The Federal Trade Commission has begun a study to determine whether companies and government agencies that insure lenders against losses resulting from mortgage foreclosures comply with the Equal Credit Opportunity Act.
Although the mortgage insurers do not grant credit, the FTC staff is proceeding on the theory that mortgage insurance is a necessary link in many home loan transactions and thus would be subject to FTC's jurisdiction under the equal credit act.
The study, which an FTC staff member described as a "non-public" inquiry, has thus far touched only one private mortgage insurer - the Mortgage Guaranty Insurance Co. of Milwaukee (MGIC). MGIC is the largest private mortgage insurer.
"The FTC has asked MGIC for information as to its underwriting guidelines as they apply to ECOA," said John Galanis, vice president and general counsel of MGIC's parent company.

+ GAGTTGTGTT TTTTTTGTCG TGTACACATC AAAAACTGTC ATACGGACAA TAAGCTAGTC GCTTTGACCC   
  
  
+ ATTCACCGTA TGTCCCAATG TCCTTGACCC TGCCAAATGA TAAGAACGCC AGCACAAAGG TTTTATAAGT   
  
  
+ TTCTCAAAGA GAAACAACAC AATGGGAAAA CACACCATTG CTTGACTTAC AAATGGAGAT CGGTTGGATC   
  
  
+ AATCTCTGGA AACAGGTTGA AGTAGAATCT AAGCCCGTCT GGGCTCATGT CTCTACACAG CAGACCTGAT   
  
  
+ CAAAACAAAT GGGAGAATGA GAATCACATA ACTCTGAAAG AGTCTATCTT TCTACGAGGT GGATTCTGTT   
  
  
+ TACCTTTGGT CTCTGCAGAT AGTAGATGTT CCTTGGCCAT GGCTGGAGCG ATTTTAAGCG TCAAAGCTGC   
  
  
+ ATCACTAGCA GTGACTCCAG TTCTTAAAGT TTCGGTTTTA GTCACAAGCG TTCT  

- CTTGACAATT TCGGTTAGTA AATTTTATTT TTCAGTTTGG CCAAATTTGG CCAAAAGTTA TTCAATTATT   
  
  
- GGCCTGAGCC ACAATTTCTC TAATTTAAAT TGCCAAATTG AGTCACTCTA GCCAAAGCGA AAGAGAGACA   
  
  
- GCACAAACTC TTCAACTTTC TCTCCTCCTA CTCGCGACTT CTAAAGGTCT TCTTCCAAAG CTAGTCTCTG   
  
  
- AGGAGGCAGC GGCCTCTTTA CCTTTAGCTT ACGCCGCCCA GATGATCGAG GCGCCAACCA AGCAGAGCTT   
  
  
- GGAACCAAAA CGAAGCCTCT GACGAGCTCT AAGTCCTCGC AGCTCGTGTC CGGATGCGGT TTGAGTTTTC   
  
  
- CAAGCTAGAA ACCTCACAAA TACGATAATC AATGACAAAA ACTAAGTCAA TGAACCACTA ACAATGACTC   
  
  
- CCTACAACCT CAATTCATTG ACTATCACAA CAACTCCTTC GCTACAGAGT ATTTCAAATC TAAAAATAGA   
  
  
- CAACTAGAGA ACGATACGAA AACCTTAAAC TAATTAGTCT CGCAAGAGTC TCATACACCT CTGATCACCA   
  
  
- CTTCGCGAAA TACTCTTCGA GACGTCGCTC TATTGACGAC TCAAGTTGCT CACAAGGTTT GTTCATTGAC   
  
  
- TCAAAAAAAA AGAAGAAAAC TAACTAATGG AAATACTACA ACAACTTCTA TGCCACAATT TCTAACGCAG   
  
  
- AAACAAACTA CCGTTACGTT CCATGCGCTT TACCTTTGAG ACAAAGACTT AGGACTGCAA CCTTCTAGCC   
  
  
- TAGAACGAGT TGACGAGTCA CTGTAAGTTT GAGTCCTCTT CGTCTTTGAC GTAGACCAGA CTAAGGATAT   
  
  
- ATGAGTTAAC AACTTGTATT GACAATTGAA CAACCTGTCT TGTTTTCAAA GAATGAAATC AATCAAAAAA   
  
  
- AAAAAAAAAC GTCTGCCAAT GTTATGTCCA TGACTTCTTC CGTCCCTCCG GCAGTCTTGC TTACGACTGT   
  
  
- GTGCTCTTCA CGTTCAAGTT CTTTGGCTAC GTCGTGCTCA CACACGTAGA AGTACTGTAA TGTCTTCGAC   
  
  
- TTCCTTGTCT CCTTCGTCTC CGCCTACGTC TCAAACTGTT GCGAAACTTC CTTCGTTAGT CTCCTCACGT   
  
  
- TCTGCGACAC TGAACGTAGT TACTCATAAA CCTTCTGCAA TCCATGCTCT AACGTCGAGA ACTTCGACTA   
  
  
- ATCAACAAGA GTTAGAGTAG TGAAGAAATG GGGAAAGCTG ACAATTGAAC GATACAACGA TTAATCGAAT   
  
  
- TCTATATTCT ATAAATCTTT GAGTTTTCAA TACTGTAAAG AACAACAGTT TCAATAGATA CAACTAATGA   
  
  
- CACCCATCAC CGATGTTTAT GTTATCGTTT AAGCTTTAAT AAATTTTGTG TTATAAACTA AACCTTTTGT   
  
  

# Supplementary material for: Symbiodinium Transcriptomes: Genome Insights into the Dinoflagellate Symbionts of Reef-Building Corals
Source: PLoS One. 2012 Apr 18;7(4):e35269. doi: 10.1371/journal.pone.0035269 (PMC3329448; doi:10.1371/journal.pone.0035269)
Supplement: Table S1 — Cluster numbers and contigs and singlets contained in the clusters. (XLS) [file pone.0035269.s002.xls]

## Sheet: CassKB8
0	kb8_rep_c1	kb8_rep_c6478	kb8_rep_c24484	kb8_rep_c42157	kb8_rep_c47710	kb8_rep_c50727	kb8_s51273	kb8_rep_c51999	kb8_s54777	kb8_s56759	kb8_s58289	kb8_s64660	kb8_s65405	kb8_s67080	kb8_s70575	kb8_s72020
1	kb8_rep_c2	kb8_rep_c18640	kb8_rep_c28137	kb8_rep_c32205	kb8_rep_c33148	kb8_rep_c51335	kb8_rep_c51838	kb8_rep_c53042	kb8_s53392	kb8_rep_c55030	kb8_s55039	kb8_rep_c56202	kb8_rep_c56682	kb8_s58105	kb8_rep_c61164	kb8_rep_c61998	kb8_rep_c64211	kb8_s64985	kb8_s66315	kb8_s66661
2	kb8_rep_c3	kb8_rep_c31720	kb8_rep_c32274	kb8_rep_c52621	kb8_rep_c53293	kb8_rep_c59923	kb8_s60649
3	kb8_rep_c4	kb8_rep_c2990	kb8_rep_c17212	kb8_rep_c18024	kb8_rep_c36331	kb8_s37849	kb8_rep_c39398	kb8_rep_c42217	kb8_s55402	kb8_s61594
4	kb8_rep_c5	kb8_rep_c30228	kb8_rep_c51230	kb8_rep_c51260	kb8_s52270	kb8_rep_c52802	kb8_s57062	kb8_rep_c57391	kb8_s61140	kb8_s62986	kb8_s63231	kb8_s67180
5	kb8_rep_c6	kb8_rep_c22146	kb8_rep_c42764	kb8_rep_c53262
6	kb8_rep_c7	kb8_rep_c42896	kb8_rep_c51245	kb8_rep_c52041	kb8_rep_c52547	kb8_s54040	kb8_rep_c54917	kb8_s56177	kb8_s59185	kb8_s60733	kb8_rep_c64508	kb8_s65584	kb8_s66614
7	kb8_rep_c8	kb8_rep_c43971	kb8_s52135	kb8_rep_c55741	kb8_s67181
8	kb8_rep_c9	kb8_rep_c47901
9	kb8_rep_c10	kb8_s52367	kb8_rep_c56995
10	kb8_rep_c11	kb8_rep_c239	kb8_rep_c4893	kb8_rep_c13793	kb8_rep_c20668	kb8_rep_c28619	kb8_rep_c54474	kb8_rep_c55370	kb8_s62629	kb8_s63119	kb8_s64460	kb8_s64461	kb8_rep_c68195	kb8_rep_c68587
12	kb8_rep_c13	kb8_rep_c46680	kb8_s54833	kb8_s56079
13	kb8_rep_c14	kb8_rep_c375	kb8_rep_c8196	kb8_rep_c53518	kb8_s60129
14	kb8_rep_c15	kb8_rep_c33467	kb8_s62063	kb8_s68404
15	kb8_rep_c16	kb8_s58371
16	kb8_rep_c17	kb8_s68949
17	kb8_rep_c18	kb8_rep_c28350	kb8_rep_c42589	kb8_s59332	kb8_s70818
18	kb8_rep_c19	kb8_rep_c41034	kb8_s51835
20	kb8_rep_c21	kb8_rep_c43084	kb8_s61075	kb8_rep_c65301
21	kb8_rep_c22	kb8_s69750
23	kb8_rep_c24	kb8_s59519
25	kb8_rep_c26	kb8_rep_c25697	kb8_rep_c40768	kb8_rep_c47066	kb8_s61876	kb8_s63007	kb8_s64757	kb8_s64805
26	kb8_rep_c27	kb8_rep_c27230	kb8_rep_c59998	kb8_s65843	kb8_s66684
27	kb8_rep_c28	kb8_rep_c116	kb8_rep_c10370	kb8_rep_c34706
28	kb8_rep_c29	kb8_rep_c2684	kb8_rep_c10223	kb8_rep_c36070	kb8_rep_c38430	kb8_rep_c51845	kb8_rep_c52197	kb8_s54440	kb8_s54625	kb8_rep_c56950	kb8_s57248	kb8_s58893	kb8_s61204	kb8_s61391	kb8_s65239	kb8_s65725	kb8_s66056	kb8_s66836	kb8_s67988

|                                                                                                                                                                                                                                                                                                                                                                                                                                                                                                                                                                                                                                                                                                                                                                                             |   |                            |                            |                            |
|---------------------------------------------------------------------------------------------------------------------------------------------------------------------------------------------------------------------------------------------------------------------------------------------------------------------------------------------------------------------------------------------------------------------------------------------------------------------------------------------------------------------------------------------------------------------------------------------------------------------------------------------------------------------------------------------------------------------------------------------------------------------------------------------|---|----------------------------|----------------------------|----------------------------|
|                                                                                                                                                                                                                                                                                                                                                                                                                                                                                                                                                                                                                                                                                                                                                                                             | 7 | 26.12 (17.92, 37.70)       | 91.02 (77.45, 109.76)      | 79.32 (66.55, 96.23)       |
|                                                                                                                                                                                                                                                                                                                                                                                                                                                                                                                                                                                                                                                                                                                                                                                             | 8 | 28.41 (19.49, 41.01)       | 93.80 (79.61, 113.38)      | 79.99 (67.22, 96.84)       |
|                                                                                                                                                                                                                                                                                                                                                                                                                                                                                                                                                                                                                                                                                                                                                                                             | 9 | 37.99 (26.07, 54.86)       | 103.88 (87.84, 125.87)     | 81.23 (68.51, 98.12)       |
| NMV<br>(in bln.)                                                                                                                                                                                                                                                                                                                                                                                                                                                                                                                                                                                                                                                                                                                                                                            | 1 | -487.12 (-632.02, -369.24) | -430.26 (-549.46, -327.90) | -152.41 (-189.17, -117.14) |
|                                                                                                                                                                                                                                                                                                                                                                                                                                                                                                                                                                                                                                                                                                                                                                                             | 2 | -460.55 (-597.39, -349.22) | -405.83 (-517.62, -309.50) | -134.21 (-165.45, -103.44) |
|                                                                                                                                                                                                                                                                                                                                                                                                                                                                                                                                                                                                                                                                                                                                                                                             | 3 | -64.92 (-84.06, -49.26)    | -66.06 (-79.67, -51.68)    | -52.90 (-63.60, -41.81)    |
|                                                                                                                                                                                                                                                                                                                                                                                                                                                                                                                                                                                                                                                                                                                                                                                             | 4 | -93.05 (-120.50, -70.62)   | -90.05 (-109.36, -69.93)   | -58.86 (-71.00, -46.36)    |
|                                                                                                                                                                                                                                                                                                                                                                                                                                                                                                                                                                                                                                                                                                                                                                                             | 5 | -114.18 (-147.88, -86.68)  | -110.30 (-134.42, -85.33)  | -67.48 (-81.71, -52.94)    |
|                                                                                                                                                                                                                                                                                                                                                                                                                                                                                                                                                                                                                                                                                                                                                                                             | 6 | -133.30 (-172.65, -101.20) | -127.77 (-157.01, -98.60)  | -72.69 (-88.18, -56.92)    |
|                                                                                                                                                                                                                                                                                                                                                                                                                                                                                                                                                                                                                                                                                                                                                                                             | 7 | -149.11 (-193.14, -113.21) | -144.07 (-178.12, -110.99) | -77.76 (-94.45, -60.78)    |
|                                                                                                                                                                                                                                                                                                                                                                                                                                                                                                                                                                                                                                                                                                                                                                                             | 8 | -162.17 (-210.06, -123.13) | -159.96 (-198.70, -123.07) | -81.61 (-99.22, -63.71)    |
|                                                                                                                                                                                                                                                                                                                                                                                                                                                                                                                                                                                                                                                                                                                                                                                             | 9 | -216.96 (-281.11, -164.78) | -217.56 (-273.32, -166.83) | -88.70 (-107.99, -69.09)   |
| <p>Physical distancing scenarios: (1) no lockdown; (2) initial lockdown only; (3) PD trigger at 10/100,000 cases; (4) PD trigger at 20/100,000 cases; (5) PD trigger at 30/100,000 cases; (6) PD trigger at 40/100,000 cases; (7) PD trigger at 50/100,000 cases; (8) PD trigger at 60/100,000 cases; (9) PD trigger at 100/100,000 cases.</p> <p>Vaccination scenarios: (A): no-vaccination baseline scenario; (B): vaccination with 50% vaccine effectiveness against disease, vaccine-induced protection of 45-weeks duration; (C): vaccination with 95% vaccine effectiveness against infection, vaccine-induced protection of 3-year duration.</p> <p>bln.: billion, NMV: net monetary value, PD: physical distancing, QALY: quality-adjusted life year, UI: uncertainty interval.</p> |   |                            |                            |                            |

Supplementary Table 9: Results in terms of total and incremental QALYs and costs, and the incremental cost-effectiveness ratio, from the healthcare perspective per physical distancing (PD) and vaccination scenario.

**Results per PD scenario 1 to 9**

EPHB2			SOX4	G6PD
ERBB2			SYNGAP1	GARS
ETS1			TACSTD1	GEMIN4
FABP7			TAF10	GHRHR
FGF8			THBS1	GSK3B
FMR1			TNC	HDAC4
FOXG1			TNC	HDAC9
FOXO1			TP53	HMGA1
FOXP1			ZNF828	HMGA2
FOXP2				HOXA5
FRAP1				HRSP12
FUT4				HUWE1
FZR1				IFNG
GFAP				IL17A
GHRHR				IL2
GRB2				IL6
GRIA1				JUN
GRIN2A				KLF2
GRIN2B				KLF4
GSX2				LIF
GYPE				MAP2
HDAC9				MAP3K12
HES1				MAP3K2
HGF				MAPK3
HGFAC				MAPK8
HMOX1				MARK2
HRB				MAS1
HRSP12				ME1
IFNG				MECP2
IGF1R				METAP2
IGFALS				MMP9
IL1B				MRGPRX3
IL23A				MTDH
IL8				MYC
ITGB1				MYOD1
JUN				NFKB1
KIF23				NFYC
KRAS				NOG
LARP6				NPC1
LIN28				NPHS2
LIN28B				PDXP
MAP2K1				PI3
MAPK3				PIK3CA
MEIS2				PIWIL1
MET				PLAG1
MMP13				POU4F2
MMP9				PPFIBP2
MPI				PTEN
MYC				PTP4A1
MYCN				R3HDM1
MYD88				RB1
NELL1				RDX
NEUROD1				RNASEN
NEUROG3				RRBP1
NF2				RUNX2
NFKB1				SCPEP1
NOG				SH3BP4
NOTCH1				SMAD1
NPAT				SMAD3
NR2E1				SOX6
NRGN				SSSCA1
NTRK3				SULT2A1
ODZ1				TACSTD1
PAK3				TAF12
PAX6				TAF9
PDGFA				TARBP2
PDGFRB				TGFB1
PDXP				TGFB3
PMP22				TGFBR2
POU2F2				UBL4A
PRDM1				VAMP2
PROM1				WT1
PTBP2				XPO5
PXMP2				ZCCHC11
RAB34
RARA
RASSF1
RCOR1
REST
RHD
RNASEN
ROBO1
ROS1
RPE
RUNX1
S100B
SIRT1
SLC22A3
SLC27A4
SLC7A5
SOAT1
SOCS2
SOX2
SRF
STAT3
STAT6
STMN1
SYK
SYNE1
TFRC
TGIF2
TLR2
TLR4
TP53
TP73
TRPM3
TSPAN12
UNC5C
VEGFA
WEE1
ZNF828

John Williamson, executive vice President of Mortgage Insurance Companies of America (MICA), the trade association representing private mortgage insurers, said he does not believe any other companies have been asked for information.
The Equal Credit Opportunity Act prohibits grantors of credit from discriminating against individuals because of sex, marital status, race, national origin and, in most cases, age. The ETC has responsibility for ECOA enforcement in the case of a wide variety of non-deposit business firms, including the mortgage banking industry.
Williamson said private mortgage insurance companies insured mortgages on 617,000 single-family homes in 1977 and wrote more than $22 billion in new mortgage insurance.